Creating JavaScript widgets in Rails

The proverbial widget economy is running at full steam, and in order to keep up with the times I decided to create some custom JavaScript widgets for one of my Rails projects. In the end, the process came out to be remarkably simple; you should be up and running in no time as well.

Pick an architecture

The choice of how to build the widget comes down to a relatively simple factor: it all depends on the complexity of the HTML layout. If you're just trying to inject a few lines of text and don't have to worry about complex CSS structures, then you can use JavaScript to directly write into the DOM of the recipient document. Otherwise, if you need more flexibility and control (think digg buttons), then you can use the same process to create an iframe, and which will in turn load the fully styled widget in the background.

The catch is, having an iframe is great, but it results in two requests to the server: one to fetch the JavaScript file, and second to load the content of the iframe itself. It's a matter of fine balance, and you should think twice about which method you want to adopt.

Widget backend in Rails

For our purposes, we will replicate del.icio.us's widget for sharing bookmarks in the code below. Assuming we already have a Bookmark model defined, which captures the relationship between some resource and a user, we will create a separate Widget controller to handle the task at hand:

class WidgetController < ApplicationController
  layout nil
  session :off

  before_filter :validate_api_key, :only => [:user_bookmarks]

  def user_bookmarks
    # Find bookmarks assigned to owner of the API key
    @bookmarks = Bookmark.find_by_user_id(@key.user_id, :order => 'created_at desc', :limit => 10)
  end

protected
  def validate_api_key
    # Assuming we defined API_KEY_REGEX elsewhere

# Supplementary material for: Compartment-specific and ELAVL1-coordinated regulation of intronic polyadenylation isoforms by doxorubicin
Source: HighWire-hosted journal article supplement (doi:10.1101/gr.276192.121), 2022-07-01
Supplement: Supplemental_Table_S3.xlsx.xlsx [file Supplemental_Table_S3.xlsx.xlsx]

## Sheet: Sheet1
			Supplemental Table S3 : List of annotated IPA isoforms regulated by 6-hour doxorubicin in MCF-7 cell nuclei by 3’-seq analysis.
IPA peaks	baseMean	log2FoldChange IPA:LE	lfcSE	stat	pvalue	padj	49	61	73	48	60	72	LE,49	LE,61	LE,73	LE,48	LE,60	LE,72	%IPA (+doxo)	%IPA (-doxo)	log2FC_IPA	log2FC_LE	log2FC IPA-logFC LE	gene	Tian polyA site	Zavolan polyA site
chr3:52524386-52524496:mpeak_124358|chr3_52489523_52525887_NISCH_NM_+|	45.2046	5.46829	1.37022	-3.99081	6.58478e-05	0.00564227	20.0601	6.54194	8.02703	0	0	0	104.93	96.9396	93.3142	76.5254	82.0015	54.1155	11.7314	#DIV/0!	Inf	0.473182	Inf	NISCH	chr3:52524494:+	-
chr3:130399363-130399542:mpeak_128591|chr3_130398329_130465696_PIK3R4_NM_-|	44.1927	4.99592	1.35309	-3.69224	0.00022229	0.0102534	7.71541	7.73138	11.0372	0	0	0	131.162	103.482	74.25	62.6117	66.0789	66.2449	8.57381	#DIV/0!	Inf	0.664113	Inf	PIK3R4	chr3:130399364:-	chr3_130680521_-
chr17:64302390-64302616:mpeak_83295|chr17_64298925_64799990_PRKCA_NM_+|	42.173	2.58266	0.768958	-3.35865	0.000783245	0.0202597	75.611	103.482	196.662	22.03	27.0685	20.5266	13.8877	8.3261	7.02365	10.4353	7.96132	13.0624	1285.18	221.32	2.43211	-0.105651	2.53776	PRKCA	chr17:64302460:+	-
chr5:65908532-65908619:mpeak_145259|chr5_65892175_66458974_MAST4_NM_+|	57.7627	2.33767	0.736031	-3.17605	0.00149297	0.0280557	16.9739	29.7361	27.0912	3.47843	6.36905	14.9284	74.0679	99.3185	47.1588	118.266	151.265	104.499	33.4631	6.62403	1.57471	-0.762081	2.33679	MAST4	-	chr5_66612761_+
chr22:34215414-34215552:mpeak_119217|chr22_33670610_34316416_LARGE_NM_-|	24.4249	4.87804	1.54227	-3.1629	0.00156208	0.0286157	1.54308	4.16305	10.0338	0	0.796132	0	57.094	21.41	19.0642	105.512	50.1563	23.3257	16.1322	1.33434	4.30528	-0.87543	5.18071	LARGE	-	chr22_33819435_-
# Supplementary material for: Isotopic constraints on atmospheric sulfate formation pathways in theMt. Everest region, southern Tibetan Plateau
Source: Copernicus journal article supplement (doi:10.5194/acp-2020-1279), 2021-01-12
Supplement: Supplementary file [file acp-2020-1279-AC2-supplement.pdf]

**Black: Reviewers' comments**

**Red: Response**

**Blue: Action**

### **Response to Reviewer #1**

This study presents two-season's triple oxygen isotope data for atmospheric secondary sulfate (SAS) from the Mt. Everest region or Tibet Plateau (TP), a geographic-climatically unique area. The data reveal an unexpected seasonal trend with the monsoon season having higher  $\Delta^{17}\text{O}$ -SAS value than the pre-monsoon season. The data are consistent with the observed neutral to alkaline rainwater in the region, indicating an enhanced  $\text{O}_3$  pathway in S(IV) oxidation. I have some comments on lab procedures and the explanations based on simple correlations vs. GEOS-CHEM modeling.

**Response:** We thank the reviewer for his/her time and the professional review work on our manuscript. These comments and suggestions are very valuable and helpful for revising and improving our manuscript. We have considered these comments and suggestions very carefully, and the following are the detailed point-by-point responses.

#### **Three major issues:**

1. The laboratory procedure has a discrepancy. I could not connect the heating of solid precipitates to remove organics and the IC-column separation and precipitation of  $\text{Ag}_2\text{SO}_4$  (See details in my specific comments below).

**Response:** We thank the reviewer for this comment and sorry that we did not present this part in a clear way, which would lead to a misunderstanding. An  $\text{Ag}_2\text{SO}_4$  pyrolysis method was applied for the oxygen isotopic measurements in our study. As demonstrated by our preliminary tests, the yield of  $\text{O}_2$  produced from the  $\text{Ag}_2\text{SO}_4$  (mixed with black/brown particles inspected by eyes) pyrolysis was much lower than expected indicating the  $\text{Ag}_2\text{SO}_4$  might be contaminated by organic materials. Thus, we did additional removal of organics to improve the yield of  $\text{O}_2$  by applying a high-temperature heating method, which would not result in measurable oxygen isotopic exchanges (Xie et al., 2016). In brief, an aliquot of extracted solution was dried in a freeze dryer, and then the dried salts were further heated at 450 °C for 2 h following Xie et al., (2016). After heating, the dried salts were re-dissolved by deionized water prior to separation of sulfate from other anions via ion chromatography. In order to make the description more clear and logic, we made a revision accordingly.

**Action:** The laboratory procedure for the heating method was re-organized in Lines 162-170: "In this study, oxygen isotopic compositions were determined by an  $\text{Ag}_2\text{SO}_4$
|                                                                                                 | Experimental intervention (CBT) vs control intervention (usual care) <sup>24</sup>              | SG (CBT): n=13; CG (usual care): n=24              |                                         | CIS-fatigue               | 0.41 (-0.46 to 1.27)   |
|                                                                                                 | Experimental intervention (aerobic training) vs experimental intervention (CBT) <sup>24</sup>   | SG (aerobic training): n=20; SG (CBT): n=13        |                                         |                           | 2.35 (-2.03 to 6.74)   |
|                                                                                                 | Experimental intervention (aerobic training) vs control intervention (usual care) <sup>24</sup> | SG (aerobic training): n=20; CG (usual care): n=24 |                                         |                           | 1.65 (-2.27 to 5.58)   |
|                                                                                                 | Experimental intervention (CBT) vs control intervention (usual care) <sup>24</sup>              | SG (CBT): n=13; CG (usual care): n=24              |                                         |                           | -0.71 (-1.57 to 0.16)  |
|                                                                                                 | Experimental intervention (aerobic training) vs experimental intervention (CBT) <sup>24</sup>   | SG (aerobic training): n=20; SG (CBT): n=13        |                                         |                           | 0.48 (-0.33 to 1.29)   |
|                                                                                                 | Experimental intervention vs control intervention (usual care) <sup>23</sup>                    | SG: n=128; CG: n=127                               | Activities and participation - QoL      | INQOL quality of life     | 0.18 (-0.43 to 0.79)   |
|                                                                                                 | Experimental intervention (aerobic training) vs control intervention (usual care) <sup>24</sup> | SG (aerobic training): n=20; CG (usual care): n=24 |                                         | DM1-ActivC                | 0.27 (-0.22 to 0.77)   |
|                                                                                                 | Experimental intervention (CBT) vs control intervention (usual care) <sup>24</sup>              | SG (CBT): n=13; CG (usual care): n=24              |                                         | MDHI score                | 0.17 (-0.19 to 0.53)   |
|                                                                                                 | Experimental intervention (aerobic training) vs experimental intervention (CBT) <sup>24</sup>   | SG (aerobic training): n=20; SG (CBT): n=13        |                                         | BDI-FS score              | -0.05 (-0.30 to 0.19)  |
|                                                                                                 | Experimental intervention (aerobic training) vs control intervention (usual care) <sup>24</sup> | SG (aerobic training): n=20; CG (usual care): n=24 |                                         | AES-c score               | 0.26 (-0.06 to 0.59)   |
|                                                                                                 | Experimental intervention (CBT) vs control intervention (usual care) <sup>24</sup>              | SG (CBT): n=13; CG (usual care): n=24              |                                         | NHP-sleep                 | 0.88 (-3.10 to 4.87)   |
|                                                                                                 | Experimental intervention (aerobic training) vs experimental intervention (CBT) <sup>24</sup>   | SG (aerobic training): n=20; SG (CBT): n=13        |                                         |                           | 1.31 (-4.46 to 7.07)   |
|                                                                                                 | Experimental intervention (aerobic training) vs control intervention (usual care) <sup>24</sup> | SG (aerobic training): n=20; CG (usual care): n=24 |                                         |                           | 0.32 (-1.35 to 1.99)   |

return render(:text => 'Invalid API key.') unless params[:api_key] =~ API_KEY_REGEX

    # You may want to validate the key against your database and/or log the request
    return render(:text => 'Invalid API key.') if not @key = Key.find_by_hash(params[:api_key])
  end
end

For performance reasons, we want to disable sessions in this controller, and omit all layouts in the rendering stage. Since the user is not physically visiting our site when they load the widget, both of these features are unnecessary. Next, as you have already noticed, we provided a facility for verifying an API key. It's not necessary in most cases, and adds extra overhead, but it's there to illustrate a point: it's very easy to do!

Next on the agenda, we need to create and render a JavaScript function which will be executed when the user loads a page with our widget:

(function(){
document.write('<div class="customCSSclass" id="appName-widget">');

<% @bookmarks.each do |bookmark| -%>
    document.write('<a href="<%= bookmark.uri %>"><%=h bookmark.title %></a><br />')
<% end -%>

document.write('</div>') })()

Nice and simple, we're writing directly to the DOM of the recipient document. Finally, we create a route for our new Widget controller, and we're almost there:

map.connect '/widget/:action/:api_key', :controller => 'widget', :api_key => /.*/

Sharing & embedding the widget

In order to embed the widget on their site, the user has to copy and paste a JavaScript snippet into the source code of the recipient page. Hence, we create a JavaScript wrapper and point the source of the script towards our new Widget controller:

<script type="text/javascript" src="http://yoursite.com/widget/user_bookmarks/A4923D2342JF"></script>
<style type="text/css">
  .customCSSclass a{text-decoration:none;}
</style>
rails_widget.zip - Source files

When the user loads a page an automatic call is made to our Widget controller, which in turn returns a dynamically generated JavaScript function which embeds the bookmarks on the page - simple as that. As a bonus, we also wrapped our links inside a div with a custom CSS class for further tweaking and modification. Believe it or not, that's it!


Ilya Grigorik

Ilya Grigorik is a web performance engineer and developer advocate at Google, where his focus is on making the web fast and driving adoption of performance best practices at Google and beyond.